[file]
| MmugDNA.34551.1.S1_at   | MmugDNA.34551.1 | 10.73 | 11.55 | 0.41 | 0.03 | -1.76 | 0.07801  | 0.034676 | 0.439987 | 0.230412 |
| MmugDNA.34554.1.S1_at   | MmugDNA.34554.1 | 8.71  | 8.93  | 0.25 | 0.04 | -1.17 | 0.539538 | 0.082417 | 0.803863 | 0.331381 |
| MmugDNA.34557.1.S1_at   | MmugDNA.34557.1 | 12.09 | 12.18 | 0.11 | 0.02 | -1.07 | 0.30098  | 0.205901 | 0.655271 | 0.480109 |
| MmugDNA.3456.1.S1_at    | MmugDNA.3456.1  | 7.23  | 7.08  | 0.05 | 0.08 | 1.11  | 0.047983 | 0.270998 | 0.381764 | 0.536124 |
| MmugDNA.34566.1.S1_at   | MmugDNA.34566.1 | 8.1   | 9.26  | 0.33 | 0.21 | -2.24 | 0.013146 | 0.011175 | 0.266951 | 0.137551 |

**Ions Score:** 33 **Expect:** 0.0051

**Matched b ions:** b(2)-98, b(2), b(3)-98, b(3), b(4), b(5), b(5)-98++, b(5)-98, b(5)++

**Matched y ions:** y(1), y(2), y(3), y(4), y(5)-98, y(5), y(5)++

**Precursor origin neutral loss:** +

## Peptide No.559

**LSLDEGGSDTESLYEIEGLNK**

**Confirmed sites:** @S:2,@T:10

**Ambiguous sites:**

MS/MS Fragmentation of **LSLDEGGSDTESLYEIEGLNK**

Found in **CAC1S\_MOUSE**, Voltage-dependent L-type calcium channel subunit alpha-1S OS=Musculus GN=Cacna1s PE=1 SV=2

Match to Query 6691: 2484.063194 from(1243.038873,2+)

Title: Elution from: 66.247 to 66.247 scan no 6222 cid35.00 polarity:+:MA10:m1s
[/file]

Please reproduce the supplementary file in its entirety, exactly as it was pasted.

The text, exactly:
| MmugDNA.34551.1.S1_at   | MmugDNA.34551.1 | 10.73 | 11.55 | 0.41 | 0.03 | -1.76 | 0.07801  | 0.034676 | 0.439987 | 0.230412 |
| MmugDNA.34554.1.S1_at   | MmugDNA.34554.1 | 8.71  | 8.93  | 0.25 | 0.04 | -1.17 | 0.539538 | 0.082417 | 0.803863 | 0.331381 |
| MmugDNA.34557.1.S1_at   | MmugDNA.34557.1 | 12.09 | 12.18 | 0.11 | 0.02 | -1.07 | 0.30098  | 0.205901 | 0.655271 | 0.480109 |
| MmugDNA.3456.1.S1_at    | MmugDNA.3456.1  | 7.23  | 7.08  | 0.05 | 0.08 | 1.11  | 0.047983 | 0.270998 | 0.381764 | 0.536124 |
| MmugDNA.34566.1.S1_at   | MmugDNA.34566.1 | 8.1   | 9.26  | 0.33 | 0.21 | -2.24 | 0.013146 | 0.011175 | 0.266951 | 0.137551 |

**Ions Score:** 33 **Expect:** 0.0051

**Matched b ions:** b(2)-98, b(2), b(3)-98, b(3), b(4), b(5), b(5)-98++, b(5)-98, b(5)++

**Matched y ions:** y(1), y(2), y(3), y(4), y(5)-98, y(5), y(5)++

**Precursor origin neutral loss:** +

## Peptide No.559

**LSLDEGGSDTESLYEIEGLNK**

**Confirmed sites:** @S:2,@T:10

**Ambiguous sites:**

MS/MS Fragmentation of **LSLDEGGSDTESLYEIEGLNK**

Found in **CAC1S\_MOUSE**, Voltage-dependent L-type calcium channel subunit alpha-1S OS=Musculus GN=Cacna1s PE=1 SV=2

Match to Query 6691: 2484.063194 from(1243.038873,2+)

Title: Elution from: 66.247 to 66.247 scan no 6222 cid35.00 polarity:+:MA10:m1s